US Chamber sees limp economy, high unemployment rate in election year
US Chamber of Commerce President Thomas Donohue offered a grim outlook Thursday for cutting the politically sensitive unemployment rate, citing slow economic growth.
Washington — US Chamber of Commerce President Thomas Donohue offered a grim outlook for cutting the politically sensitive unemployment rate ahead of Election 2012, citing a forecast for relatively weak economic growth.
“The state of American business is improving – but it is doing so weakly, slowly, and insufficiently to put our nation back to work,” Mr. Donohue in his annual State of American Business address. The Chamber is the nation’s largest organization representing both small and large businesses.
A key challenge to President Obama’s reelection effort is the fact that 23 million Americans are unemployed, unwillingly working part-time, or have given up looking for jobs. To put these individuals back to work, “our economy has to grow much faster than it is today,” Donohue said. The Chamber predicts the US economy “will actually slow down in the early months of the year,” he said.
The Chamber estimates economic growth will average about 2.5 percent in the first six months of 2012 and then “work its way back to about 3 percent by the end of the year,” Donohue said. That prediction is in line with forecasts of private forecasting firms. Economists surveyed by Bloomberg News predict growth of 2.3 percent for 2012, while Moody’s Analytics predicts economic growth of 2.6 percent.
The government reported Thursday that more Americans than forecast filed for jobless benefits last week. Jobless claims climbed by 24,000 to 399,000 in the week ended Jan. 7, the Labor Department said, in another sign of a challenging employment picture.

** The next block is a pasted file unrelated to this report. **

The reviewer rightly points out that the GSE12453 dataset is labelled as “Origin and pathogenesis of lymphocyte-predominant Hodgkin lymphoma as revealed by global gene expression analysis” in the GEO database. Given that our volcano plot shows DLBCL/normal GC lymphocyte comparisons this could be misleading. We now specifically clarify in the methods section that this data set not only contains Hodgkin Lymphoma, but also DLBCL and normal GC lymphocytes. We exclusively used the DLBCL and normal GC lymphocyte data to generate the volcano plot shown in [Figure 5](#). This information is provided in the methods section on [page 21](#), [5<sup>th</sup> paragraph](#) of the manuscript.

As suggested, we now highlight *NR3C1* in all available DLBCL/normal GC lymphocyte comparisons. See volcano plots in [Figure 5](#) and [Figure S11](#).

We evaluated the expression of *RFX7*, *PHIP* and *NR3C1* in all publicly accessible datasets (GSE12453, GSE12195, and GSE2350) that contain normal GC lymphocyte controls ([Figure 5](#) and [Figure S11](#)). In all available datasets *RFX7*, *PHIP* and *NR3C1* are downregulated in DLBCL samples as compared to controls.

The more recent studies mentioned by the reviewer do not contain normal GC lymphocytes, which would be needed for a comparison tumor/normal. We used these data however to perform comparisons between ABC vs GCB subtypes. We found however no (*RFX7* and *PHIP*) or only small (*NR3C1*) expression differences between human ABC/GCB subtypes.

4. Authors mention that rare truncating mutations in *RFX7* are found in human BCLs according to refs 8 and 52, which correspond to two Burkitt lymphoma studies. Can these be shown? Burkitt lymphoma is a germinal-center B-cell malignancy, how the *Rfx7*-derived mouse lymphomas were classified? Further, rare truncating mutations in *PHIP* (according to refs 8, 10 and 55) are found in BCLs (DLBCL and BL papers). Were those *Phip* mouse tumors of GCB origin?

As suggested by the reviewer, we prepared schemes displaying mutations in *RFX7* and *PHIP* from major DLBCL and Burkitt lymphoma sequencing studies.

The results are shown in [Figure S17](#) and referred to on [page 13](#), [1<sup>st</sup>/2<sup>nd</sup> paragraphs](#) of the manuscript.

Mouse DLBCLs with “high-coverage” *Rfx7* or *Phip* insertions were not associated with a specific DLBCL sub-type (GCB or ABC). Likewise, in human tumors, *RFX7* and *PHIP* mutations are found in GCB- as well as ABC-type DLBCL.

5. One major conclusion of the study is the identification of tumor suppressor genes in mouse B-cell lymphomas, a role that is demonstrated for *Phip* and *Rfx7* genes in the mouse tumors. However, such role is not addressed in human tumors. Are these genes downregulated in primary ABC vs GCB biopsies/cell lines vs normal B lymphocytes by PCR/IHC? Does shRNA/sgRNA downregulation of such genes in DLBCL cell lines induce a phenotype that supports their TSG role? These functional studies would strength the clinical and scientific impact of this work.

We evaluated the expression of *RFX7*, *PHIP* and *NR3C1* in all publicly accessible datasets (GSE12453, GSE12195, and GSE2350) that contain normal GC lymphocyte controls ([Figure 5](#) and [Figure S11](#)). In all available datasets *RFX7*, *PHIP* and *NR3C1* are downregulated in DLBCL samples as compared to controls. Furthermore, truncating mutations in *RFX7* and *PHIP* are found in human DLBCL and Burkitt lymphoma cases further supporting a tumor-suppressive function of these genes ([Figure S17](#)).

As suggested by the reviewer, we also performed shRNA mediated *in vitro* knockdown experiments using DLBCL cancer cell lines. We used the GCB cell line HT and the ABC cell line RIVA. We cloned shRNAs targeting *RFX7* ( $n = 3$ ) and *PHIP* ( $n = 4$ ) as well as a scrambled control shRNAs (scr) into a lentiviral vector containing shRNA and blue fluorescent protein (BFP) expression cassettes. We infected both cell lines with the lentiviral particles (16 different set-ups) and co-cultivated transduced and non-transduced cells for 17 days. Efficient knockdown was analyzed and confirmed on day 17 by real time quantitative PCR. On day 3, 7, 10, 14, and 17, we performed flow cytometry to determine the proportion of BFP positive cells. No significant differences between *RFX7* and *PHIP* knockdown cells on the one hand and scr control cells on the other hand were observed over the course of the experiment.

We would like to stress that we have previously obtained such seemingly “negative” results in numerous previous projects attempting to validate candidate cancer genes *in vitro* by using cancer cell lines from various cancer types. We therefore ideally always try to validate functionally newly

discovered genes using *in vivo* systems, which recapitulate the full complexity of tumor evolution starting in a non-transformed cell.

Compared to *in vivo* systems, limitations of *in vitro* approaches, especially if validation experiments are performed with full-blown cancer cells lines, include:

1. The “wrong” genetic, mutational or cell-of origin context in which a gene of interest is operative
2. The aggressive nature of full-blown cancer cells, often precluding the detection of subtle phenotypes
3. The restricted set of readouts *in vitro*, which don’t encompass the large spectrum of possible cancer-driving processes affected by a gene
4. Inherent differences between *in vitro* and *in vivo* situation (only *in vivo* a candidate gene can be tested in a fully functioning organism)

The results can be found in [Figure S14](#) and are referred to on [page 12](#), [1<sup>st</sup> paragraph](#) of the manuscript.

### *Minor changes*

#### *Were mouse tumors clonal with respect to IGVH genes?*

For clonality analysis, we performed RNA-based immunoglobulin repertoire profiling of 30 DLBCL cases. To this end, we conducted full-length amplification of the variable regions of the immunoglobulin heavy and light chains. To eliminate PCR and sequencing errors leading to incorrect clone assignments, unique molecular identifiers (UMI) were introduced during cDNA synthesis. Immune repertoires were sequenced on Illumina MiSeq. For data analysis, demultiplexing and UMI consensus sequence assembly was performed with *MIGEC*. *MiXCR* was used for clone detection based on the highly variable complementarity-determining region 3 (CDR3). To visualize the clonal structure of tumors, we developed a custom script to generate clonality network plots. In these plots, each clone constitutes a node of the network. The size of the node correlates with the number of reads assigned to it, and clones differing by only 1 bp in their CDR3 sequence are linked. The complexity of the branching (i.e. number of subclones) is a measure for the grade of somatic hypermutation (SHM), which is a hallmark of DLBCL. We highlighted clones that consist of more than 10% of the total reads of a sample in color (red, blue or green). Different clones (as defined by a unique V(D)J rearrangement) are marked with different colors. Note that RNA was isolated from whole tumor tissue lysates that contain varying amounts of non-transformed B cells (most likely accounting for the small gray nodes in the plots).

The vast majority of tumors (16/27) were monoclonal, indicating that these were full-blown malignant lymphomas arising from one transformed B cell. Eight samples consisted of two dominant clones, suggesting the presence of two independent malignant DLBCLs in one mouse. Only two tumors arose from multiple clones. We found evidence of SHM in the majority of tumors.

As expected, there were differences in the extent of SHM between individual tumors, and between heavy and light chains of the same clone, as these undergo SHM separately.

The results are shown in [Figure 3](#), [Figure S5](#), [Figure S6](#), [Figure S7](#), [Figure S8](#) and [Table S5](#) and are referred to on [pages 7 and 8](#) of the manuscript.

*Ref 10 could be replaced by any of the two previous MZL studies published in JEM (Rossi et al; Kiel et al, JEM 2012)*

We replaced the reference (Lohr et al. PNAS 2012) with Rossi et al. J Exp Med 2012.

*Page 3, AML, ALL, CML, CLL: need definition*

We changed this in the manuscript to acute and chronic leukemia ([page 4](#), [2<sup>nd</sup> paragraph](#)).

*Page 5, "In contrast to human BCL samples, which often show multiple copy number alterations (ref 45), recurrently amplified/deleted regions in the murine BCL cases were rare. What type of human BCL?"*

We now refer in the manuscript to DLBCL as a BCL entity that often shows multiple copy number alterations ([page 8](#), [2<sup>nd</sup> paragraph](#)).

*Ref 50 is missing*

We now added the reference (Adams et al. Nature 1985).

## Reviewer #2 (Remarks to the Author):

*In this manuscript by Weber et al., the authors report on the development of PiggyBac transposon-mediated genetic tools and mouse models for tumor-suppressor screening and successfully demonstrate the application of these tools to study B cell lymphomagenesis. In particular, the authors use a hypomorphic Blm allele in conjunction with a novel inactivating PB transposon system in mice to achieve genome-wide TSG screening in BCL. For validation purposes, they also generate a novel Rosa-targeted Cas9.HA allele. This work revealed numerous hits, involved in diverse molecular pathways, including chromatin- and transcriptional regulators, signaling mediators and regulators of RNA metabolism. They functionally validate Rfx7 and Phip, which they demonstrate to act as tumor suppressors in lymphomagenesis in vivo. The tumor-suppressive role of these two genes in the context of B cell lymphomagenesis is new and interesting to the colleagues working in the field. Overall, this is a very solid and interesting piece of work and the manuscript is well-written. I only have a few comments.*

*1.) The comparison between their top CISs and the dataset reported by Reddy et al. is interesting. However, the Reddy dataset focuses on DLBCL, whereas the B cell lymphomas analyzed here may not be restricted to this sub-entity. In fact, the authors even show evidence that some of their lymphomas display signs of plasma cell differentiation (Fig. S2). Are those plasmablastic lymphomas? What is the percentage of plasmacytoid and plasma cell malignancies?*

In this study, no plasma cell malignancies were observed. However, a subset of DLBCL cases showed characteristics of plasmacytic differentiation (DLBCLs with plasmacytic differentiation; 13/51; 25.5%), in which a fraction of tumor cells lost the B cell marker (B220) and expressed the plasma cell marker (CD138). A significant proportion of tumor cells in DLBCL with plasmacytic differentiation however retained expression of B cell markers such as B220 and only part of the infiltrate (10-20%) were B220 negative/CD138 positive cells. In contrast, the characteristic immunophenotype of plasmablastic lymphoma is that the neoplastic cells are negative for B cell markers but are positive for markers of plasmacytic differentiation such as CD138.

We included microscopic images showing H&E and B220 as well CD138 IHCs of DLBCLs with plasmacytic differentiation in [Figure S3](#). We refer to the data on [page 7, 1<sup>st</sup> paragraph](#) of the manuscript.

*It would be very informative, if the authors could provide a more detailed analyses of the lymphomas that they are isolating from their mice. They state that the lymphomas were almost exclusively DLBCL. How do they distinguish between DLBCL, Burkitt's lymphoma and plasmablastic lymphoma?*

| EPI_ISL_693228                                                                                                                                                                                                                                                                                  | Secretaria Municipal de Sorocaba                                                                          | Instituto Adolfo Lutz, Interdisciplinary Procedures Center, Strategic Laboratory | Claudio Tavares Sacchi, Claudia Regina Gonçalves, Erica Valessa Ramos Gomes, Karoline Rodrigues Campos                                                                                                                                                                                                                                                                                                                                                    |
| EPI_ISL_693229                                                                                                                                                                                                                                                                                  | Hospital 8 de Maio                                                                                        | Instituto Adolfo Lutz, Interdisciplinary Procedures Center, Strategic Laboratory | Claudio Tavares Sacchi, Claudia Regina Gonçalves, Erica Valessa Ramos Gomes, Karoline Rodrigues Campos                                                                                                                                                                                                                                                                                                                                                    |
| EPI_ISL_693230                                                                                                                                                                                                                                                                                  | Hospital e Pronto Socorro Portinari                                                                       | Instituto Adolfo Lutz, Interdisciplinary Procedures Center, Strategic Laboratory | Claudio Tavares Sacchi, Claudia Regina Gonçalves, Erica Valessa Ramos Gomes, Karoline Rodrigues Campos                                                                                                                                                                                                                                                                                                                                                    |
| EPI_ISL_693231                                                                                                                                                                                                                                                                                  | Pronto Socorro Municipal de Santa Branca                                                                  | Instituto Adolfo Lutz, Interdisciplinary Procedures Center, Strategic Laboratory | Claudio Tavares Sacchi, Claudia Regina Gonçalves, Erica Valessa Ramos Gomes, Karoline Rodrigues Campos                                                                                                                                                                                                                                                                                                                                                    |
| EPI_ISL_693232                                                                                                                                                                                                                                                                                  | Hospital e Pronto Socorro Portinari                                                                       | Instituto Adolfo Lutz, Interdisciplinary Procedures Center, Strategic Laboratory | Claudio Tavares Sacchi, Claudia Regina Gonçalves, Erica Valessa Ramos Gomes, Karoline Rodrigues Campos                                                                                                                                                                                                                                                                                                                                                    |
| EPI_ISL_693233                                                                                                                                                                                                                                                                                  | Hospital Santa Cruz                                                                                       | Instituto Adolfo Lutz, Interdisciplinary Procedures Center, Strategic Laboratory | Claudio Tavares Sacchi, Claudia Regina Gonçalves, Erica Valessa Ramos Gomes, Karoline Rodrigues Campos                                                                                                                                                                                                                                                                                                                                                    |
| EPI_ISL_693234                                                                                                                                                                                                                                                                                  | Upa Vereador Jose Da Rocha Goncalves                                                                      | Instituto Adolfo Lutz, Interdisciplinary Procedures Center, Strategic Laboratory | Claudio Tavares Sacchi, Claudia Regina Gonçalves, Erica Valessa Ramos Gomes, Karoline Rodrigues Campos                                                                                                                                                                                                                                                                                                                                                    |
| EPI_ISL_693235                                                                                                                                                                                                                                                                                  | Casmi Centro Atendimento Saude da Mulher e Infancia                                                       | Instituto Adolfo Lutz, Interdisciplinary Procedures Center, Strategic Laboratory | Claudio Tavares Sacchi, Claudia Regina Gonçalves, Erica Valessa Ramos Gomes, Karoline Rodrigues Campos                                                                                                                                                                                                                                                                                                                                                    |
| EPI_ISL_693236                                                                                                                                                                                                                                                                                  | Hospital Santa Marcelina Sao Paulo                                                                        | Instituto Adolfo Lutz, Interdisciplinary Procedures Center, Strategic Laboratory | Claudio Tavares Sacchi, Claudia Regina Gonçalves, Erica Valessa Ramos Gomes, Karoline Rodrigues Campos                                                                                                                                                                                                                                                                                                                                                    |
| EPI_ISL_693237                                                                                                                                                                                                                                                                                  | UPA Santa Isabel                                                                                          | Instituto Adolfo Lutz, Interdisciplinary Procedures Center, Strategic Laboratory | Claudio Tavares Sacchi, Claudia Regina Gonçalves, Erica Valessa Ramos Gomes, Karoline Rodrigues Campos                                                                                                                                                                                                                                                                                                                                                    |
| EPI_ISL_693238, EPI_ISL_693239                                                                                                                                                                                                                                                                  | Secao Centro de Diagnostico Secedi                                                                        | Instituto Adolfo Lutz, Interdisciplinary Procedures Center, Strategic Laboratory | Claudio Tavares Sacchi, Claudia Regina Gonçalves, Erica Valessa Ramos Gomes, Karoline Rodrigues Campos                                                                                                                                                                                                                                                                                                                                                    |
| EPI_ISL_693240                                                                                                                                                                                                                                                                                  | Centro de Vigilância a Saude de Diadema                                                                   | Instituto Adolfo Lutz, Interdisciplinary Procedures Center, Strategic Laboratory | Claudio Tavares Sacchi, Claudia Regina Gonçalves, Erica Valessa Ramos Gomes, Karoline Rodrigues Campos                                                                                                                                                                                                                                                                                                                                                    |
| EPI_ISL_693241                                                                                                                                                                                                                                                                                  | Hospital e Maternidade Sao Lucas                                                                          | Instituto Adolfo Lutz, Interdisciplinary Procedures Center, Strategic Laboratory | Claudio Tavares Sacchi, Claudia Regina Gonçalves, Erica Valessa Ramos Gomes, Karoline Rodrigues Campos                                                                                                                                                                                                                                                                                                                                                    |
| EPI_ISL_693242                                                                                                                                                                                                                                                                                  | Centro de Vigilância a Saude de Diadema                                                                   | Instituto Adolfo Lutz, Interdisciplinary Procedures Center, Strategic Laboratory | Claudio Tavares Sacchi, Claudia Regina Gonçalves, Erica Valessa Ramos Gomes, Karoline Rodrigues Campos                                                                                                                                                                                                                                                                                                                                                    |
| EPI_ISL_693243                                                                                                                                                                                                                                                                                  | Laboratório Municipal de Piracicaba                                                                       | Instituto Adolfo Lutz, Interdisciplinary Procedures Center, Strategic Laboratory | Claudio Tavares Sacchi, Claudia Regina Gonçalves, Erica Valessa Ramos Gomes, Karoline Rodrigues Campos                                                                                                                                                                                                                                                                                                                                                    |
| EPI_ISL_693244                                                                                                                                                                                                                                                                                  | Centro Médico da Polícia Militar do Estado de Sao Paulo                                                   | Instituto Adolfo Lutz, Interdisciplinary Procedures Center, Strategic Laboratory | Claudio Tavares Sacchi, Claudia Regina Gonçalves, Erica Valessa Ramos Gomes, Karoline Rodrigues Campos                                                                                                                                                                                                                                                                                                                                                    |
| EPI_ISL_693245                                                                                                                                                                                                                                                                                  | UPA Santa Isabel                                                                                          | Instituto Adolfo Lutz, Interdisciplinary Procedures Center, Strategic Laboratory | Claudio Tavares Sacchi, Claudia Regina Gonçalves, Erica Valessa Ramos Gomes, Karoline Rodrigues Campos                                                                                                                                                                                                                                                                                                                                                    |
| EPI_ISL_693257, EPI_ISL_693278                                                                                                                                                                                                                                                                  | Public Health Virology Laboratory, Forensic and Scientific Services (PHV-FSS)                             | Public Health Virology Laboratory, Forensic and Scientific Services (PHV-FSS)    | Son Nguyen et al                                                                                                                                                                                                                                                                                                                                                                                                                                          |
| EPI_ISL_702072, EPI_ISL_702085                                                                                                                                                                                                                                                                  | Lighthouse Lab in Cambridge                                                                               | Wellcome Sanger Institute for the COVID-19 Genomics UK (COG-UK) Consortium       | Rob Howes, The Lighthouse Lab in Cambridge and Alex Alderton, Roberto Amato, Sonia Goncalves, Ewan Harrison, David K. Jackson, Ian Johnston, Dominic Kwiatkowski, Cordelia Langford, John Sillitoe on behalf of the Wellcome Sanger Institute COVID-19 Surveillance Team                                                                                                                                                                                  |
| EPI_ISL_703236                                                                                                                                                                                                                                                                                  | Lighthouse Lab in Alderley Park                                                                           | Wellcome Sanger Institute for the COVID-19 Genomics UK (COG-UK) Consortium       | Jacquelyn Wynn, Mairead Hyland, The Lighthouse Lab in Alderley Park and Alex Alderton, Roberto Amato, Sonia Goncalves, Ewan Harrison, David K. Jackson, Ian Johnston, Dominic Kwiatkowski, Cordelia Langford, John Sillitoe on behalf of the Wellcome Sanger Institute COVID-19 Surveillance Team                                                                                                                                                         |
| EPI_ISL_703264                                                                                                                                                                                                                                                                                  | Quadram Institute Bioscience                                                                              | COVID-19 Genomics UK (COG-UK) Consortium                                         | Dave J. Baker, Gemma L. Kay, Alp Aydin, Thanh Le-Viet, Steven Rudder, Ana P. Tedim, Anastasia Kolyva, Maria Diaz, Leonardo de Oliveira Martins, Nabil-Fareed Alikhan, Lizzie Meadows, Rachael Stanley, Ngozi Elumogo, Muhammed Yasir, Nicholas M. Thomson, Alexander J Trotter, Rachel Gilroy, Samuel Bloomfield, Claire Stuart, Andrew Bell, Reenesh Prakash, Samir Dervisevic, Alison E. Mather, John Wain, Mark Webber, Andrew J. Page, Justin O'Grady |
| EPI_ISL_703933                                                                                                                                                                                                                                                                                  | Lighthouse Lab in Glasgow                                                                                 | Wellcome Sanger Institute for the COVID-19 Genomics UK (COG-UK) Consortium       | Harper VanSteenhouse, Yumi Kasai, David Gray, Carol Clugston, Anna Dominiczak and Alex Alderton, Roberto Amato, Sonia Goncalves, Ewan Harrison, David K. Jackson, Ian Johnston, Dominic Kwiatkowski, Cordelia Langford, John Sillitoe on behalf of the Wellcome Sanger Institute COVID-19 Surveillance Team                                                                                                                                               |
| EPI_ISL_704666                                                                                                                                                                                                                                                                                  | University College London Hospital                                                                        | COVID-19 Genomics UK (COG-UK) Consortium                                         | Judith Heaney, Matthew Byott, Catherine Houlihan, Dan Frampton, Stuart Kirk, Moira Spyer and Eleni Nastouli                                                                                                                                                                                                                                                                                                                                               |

Monthly changes in the jobless rate are unpredictable. But over the past 50 years, annual economic growth has had to exceed 3.5 percent to keep the jobless rate from rising, says the nonpartisan Congressional Research Service.
The expectation that the US economy will grow at a rate much lower than that in an election year – threatening an increase in the jobless rate – could have major political significance. In December, the unemployment rate fell to a 8.5 percent, a three-year low. No American president since Franklin Roosevelt in 1940 has been reelected when the jobless rate was higher than 7.2 percent. Moody’s Analytics predicts that the rate in 2012 will average 8.7 percent.
While the link is strong between the unemployment rate and a president’s reelection prospects, there are some caveats, Nate Silver notes in his 538 blog. One is that President Ronald Reagan won resoundingly in 1994, when the jobless rate was 7.2 percent. So the precise danger point for an incumbent president could be a jobless rate in the neighborhood of 7.5 percent, Mr. Silver notes. Another is that, given the severity of economic problems the US has experienced in recent years, voters may be willing to forgive an even higher rate as long as the jobless figure is moving in the right direction. President Roosevelt won in 1940 with a jobless rate that had declined to 14.6 percent.
Thursday's economic predictions from the Chamber will no doubt add to worries in the Obama campaign, given the apparent importance of a declining jobless rate as Election Day approaches.
In his address, Donohue also stressed the nation’s economic strengths, including sophisticated global firms, strong technology and educational resources, and abundant domestic energy. Still, he said, “America’s most pressing economic challenge is the lack of sufficient growth to create jobs, expand incomes, reduce government deficits, and fund essential programs.”